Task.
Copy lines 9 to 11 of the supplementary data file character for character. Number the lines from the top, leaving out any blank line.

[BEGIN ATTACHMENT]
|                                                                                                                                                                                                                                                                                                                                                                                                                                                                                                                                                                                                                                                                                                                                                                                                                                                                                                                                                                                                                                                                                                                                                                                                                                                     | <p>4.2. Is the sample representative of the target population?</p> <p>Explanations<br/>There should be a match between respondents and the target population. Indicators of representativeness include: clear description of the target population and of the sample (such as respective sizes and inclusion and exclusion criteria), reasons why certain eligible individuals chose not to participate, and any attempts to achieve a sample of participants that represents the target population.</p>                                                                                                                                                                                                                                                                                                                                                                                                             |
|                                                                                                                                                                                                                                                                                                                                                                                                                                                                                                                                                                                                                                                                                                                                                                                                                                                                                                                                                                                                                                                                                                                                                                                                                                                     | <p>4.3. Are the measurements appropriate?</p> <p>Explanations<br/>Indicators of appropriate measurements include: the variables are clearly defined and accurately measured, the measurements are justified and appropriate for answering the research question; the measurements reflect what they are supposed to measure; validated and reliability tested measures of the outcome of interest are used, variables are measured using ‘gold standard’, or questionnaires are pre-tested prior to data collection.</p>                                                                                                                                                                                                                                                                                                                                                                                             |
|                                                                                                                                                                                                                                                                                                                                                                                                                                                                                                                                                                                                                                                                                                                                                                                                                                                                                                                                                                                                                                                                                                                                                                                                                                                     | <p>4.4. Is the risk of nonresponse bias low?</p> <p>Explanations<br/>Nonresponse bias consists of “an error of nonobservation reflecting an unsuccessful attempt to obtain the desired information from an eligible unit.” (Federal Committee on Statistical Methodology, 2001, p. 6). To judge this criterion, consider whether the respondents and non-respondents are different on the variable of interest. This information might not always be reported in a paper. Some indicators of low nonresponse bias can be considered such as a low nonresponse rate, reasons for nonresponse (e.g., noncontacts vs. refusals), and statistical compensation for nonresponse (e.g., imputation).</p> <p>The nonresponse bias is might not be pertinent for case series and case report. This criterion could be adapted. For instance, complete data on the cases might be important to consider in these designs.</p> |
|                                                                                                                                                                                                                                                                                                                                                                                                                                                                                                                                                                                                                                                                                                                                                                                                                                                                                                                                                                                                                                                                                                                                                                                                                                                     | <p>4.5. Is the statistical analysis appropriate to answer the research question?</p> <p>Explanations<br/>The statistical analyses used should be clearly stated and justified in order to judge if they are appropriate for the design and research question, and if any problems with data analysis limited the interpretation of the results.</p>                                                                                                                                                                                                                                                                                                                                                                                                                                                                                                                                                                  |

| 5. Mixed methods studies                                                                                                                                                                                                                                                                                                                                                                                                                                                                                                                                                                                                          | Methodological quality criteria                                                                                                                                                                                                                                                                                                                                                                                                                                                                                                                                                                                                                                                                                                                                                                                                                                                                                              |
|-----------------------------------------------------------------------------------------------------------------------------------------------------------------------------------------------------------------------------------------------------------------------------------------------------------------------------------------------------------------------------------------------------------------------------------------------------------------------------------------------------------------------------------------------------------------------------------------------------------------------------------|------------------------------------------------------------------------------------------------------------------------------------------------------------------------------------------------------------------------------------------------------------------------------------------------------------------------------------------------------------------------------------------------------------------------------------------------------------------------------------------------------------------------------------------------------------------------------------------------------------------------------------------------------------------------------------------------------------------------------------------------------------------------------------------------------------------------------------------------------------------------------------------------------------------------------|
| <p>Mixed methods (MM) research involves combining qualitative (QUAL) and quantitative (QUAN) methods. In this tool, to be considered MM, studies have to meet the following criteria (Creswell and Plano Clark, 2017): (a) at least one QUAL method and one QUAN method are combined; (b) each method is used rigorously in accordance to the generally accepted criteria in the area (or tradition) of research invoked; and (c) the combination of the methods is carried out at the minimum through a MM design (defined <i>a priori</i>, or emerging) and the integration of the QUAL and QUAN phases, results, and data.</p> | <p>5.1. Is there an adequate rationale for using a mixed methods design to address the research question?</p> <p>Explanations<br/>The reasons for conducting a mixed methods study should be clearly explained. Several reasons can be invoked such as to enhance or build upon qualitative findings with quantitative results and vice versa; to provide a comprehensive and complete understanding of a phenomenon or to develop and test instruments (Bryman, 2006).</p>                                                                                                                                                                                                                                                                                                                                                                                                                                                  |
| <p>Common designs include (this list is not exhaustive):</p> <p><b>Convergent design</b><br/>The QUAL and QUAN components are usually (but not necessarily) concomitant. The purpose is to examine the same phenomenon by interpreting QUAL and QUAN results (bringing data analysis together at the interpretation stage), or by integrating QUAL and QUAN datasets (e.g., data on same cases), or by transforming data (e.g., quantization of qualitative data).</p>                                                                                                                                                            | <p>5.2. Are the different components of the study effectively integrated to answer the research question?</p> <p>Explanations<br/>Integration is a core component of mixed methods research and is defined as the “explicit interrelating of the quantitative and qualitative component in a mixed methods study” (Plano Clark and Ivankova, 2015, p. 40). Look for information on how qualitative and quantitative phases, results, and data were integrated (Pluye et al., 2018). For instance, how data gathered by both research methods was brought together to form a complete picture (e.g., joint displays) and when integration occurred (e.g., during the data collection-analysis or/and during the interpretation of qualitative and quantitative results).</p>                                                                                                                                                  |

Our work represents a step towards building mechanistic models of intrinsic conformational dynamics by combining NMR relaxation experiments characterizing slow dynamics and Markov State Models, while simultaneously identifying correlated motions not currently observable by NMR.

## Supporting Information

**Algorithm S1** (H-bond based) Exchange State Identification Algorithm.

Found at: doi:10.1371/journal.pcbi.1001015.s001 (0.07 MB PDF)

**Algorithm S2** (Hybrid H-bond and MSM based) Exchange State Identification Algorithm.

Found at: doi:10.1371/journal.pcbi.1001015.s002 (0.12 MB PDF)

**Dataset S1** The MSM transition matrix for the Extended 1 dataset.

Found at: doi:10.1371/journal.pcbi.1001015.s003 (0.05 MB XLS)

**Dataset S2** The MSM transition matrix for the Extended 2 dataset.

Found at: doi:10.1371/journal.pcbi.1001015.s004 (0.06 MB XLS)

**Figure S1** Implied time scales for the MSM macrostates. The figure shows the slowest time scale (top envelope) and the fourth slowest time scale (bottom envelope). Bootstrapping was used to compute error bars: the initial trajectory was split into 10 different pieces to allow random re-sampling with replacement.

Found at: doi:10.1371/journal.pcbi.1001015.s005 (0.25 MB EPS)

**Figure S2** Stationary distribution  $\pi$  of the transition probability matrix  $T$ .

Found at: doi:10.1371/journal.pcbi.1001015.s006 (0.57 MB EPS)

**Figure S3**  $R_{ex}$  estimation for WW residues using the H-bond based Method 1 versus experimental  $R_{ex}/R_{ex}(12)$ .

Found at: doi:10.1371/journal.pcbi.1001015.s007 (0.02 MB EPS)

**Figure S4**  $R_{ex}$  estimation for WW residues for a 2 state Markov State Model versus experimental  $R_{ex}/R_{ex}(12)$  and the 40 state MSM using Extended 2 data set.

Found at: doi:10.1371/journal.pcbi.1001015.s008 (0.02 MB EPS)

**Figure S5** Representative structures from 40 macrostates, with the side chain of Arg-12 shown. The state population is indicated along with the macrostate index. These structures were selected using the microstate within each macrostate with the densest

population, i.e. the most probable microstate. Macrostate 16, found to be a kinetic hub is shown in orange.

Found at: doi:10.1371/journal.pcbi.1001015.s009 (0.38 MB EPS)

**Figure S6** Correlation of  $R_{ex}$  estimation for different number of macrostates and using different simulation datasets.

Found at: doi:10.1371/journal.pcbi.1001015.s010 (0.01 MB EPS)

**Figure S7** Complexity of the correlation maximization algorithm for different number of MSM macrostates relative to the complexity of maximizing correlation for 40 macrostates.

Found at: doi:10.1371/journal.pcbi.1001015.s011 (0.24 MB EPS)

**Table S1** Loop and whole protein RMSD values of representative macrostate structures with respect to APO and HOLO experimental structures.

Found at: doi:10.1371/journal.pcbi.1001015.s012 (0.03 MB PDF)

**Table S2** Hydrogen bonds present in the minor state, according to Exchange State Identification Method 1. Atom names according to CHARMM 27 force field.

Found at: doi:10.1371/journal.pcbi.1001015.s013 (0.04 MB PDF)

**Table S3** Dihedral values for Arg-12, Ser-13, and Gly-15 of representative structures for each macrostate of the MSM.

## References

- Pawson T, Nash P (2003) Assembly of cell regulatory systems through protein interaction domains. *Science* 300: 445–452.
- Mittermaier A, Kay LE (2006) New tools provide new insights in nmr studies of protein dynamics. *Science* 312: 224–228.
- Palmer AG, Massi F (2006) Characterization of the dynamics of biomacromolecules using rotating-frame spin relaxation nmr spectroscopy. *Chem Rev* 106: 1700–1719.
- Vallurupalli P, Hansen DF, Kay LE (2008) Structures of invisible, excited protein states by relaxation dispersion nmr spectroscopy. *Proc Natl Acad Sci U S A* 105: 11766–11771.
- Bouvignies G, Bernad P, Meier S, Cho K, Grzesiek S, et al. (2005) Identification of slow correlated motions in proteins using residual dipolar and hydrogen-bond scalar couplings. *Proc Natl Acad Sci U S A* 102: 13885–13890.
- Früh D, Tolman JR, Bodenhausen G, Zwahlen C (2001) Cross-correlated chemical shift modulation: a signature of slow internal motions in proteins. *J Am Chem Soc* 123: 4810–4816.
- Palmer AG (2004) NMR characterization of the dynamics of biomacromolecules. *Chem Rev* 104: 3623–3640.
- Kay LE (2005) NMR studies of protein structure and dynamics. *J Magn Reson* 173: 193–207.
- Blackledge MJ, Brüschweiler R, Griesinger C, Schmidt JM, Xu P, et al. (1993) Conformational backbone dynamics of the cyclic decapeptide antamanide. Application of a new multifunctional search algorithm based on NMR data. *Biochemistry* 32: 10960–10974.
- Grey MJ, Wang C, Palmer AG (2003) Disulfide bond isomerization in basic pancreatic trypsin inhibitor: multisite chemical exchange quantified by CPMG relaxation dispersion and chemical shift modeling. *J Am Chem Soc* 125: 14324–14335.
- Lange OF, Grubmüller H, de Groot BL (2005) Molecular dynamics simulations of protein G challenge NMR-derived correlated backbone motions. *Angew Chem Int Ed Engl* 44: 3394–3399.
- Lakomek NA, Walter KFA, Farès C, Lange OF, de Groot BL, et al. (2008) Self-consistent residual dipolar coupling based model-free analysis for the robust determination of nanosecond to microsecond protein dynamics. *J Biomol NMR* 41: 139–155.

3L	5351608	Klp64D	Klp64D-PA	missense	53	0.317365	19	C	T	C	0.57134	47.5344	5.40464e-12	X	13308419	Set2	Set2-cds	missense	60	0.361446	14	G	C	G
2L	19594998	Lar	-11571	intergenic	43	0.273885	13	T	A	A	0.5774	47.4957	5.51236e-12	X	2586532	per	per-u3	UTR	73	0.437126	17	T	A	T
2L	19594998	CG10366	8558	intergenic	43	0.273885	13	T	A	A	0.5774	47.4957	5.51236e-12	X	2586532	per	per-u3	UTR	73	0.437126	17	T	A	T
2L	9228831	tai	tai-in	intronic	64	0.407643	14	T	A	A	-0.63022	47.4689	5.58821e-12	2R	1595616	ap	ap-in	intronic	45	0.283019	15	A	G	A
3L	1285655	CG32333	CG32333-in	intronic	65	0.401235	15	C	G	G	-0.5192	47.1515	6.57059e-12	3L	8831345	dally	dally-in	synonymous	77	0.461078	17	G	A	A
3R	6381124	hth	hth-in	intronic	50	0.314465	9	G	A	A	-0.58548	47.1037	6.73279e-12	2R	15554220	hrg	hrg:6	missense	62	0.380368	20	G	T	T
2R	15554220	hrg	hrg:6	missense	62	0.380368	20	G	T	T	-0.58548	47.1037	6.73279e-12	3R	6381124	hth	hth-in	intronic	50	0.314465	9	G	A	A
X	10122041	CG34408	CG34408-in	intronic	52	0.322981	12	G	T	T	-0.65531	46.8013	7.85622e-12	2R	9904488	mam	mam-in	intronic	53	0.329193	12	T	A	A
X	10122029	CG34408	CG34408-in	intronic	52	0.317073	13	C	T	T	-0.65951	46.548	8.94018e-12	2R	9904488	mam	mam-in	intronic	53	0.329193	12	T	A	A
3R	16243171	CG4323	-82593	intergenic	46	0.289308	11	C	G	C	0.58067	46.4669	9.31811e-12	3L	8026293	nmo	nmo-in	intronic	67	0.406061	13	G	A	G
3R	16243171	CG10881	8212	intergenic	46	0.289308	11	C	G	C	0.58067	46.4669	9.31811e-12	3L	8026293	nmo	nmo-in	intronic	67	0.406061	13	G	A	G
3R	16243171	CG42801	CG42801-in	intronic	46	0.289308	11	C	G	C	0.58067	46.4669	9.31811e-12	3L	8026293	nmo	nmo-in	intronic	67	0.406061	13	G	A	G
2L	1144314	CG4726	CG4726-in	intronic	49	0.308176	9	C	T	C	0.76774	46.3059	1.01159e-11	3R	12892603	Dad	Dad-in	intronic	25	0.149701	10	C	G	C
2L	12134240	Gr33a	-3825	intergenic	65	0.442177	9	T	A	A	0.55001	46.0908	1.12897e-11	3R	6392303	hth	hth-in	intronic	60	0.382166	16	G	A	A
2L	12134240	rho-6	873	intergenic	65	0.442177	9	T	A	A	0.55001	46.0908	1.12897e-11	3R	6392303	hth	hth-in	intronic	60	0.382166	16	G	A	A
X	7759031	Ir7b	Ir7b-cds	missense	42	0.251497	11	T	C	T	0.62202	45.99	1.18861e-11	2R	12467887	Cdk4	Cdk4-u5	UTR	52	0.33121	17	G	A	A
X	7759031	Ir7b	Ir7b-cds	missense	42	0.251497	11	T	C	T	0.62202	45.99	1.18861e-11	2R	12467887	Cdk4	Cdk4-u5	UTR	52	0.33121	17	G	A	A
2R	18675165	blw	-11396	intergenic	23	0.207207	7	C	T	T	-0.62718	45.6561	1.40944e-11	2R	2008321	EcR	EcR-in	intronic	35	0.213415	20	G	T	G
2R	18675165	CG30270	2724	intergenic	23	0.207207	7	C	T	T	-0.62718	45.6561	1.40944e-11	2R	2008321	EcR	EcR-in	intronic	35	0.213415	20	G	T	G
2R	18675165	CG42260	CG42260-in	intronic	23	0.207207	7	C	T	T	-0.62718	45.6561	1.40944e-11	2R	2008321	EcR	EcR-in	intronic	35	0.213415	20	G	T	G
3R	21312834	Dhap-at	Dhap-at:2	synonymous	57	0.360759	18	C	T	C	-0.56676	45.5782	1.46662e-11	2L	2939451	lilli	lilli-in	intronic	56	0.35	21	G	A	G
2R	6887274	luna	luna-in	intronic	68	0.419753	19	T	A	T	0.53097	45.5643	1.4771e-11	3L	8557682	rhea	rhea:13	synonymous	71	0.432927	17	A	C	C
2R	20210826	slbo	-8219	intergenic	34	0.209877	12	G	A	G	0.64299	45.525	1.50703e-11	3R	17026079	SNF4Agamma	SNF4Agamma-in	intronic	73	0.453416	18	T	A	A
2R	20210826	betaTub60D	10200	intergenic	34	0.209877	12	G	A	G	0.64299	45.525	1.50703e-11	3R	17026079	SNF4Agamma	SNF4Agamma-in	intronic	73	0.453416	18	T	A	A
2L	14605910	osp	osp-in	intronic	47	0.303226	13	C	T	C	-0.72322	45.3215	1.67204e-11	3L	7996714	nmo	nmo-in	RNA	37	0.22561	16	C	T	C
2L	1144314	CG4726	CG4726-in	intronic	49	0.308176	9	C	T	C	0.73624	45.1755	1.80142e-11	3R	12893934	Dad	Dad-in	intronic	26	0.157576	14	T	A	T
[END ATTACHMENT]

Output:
Our work represents a step towards building mechanistic models of intrinsic conformational dynamics by combining NMR relaxation experiments characterizing slow dynamics and Markov State Models, while simultaneously identifying correlated motions not currently observable by NMR.

## Supporting Information

**Algorithm S1** (H-bond based) Exchange State Identification Algorithm.